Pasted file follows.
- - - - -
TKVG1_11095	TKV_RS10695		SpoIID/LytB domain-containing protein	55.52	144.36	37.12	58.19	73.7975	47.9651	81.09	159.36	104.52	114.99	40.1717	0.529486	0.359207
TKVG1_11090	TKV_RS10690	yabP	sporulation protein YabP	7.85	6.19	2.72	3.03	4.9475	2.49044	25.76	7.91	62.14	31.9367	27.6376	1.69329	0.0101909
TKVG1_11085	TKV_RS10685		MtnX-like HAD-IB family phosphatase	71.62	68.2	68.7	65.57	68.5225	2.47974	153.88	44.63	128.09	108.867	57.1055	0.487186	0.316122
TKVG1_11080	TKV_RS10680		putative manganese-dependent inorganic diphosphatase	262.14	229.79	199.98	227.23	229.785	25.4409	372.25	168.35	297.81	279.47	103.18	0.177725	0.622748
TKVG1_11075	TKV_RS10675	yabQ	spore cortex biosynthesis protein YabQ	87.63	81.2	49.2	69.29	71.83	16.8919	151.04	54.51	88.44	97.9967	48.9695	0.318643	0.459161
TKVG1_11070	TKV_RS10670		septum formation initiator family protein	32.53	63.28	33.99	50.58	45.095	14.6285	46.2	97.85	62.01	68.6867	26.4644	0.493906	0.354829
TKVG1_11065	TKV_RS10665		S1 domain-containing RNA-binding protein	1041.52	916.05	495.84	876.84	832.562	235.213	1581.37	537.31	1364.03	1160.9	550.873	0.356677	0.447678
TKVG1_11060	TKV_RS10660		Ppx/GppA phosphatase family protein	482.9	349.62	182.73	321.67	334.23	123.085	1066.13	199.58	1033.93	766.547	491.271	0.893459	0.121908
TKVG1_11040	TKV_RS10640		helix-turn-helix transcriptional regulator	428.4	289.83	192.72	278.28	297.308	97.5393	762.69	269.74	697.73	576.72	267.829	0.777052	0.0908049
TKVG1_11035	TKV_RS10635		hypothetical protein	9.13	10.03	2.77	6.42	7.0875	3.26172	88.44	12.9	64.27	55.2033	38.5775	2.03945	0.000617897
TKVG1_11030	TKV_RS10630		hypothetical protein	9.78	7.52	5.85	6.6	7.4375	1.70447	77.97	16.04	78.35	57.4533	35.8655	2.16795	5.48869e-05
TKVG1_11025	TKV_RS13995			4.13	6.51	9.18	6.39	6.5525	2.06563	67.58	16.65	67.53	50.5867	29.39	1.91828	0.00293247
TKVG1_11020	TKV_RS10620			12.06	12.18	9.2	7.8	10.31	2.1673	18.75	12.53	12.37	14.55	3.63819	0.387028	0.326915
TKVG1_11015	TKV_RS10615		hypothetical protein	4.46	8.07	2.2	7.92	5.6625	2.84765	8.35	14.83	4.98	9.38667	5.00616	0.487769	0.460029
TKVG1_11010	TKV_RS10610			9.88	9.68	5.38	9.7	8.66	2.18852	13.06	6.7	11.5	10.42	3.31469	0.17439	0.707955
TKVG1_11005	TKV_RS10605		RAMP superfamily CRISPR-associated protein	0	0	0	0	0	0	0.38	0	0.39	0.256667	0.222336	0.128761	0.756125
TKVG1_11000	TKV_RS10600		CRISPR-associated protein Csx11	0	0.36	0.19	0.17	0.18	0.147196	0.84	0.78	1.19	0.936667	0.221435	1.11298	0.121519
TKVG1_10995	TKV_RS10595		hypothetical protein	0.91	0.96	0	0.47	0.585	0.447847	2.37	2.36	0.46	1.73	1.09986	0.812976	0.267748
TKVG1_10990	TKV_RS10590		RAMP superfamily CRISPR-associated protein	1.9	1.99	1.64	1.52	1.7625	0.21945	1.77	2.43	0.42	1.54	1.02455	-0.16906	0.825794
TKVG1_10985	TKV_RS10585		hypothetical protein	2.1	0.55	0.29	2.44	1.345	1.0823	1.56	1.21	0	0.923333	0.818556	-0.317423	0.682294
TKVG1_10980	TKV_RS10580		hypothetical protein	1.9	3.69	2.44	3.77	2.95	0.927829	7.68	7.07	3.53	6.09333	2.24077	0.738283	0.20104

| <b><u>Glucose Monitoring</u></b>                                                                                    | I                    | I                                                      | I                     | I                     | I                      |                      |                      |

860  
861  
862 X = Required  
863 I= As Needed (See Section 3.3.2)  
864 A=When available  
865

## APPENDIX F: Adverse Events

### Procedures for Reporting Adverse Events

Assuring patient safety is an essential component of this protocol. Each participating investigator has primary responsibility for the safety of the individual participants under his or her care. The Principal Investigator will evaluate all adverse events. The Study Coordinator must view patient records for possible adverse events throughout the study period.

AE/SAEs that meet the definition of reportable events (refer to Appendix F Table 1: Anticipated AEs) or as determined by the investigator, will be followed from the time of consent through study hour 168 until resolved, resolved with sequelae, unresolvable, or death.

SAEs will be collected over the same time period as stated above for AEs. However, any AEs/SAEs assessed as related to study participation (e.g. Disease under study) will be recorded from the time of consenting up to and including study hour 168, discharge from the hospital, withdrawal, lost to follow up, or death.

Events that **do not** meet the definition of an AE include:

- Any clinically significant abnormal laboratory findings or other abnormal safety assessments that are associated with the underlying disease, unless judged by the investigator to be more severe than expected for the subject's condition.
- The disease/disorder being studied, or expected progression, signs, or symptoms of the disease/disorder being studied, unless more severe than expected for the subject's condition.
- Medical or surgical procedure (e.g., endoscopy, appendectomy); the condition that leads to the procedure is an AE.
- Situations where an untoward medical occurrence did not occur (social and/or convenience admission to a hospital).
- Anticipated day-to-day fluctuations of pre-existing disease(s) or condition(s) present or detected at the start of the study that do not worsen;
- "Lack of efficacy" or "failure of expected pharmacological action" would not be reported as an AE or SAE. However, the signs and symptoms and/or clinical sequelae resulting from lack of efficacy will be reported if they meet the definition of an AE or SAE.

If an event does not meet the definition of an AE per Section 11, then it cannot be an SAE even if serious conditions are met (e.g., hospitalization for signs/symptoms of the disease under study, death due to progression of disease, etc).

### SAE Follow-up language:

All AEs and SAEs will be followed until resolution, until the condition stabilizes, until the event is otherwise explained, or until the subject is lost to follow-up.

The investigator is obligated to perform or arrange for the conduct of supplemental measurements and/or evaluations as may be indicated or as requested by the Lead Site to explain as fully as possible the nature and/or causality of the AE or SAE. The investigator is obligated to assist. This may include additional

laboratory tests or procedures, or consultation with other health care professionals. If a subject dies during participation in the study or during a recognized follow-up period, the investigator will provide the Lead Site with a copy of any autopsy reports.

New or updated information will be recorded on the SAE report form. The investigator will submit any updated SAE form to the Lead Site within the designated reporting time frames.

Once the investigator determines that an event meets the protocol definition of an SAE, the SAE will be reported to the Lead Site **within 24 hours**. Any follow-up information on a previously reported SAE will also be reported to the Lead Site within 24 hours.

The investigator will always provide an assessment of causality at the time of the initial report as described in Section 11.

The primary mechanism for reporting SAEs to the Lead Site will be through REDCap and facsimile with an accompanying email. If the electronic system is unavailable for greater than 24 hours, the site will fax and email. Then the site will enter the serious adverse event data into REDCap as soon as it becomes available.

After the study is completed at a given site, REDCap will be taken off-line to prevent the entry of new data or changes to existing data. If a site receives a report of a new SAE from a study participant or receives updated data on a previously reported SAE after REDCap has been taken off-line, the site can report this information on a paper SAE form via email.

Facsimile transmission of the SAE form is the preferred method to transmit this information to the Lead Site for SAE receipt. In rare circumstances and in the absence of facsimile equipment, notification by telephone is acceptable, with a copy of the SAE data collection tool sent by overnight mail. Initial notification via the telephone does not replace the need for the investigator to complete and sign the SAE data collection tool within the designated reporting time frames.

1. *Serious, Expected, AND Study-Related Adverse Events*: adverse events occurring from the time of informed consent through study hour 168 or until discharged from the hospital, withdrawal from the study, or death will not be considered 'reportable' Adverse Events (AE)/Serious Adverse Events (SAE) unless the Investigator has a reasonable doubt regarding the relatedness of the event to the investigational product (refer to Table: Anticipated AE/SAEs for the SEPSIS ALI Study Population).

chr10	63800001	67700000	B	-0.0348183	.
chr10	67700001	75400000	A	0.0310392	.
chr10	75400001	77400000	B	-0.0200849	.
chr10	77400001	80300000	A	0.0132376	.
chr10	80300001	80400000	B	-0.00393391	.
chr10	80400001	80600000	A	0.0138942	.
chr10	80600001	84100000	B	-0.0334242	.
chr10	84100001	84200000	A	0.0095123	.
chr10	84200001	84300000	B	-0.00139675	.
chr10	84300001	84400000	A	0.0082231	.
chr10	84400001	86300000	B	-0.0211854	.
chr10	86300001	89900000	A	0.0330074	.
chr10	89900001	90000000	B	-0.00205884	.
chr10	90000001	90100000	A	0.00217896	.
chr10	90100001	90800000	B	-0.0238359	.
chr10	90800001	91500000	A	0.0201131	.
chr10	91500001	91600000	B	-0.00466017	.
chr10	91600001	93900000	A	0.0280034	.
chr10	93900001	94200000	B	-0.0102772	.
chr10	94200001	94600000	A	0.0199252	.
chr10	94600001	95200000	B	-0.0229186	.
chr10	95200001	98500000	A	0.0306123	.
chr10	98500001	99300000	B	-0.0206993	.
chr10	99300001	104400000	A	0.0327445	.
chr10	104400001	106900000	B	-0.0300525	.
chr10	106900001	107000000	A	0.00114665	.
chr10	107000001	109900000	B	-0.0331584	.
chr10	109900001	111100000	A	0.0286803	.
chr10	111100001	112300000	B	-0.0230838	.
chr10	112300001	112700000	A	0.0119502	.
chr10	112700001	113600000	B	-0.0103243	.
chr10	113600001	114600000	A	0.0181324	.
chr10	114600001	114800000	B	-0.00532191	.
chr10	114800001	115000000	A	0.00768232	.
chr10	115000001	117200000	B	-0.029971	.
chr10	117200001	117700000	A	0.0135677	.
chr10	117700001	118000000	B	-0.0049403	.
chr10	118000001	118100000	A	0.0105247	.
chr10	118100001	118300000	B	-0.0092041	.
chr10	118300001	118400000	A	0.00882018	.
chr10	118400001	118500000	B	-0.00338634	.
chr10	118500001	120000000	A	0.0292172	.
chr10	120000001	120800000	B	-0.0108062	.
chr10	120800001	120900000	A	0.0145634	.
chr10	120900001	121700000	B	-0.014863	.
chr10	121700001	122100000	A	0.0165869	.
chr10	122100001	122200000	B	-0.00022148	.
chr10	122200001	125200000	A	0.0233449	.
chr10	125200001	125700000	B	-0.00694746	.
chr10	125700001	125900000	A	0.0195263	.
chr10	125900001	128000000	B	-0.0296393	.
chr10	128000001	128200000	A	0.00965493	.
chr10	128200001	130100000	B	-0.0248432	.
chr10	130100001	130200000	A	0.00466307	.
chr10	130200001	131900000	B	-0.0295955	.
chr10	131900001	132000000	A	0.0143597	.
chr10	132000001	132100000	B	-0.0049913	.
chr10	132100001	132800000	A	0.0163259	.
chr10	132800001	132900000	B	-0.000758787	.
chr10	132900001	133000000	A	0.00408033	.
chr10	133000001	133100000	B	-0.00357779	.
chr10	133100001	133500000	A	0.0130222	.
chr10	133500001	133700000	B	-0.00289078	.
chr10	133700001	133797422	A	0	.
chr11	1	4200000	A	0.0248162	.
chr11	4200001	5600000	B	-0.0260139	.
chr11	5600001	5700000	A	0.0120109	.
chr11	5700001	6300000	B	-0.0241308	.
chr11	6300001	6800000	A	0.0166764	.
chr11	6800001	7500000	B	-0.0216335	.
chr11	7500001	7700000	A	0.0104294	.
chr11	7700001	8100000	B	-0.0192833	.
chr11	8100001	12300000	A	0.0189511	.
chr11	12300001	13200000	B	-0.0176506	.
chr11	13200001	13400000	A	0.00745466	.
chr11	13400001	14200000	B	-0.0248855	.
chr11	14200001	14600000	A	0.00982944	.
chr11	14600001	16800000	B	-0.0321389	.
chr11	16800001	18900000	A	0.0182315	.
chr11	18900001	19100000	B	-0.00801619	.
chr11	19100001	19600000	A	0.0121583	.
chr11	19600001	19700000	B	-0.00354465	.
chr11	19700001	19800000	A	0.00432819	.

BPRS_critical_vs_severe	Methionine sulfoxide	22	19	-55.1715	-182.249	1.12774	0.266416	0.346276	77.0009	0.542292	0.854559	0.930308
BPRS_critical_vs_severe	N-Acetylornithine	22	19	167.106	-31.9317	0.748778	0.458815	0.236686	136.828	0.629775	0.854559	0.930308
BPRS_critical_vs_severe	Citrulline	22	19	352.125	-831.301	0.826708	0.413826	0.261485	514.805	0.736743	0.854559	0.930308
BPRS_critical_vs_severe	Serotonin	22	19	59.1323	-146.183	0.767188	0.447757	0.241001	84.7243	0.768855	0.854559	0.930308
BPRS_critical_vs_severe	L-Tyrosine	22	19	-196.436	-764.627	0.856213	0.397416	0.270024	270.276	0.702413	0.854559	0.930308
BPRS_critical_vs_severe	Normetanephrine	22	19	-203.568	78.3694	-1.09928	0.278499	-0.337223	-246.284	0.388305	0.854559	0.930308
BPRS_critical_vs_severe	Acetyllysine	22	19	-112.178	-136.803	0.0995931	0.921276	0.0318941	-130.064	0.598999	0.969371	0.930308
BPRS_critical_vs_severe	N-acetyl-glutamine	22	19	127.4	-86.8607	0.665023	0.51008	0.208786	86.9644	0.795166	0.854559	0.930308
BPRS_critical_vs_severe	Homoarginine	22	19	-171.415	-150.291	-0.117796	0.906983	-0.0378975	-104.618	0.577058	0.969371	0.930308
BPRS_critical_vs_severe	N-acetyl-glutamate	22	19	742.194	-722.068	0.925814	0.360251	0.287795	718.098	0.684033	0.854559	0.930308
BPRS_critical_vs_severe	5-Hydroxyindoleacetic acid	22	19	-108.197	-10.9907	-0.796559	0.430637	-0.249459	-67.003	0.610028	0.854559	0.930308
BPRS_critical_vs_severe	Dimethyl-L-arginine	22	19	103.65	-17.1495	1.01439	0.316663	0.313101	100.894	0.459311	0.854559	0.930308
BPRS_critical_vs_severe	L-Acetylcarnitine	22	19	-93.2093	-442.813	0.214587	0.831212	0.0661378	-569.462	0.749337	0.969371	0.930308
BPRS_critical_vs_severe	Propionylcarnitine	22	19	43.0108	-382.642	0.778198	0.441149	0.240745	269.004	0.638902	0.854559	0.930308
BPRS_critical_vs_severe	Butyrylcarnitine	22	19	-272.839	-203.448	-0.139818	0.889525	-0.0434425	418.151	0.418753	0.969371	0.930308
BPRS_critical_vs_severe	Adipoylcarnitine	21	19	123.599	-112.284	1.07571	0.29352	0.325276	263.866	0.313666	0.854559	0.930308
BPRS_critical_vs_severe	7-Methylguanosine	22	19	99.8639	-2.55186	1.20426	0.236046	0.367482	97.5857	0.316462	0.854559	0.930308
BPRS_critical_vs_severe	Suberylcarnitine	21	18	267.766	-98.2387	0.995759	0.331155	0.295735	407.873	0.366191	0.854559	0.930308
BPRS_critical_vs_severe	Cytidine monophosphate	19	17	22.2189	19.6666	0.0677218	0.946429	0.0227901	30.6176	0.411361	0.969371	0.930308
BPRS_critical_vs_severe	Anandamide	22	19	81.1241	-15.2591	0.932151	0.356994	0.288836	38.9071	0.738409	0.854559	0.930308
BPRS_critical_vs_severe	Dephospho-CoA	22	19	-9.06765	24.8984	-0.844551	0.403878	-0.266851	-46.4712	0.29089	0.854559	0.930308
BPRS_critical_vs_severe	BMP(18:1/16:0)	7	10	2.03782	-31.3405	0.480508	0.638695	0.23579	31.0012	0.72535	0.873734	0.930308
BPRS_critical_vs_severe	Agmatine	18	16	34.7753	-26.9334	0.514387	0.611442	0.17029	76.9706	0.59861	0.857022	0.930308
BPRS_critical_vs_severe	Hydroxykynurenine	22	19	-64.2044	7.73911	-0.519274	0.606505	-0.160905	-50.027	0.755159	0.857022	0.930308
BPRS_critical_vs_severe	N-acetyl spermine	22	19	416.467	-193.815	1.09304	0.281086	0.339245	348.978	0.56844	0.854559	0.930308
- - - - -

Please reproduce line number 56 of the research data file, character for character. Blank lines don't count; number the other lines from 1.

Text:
chr10	77400001	80300000	A	0.0132376	.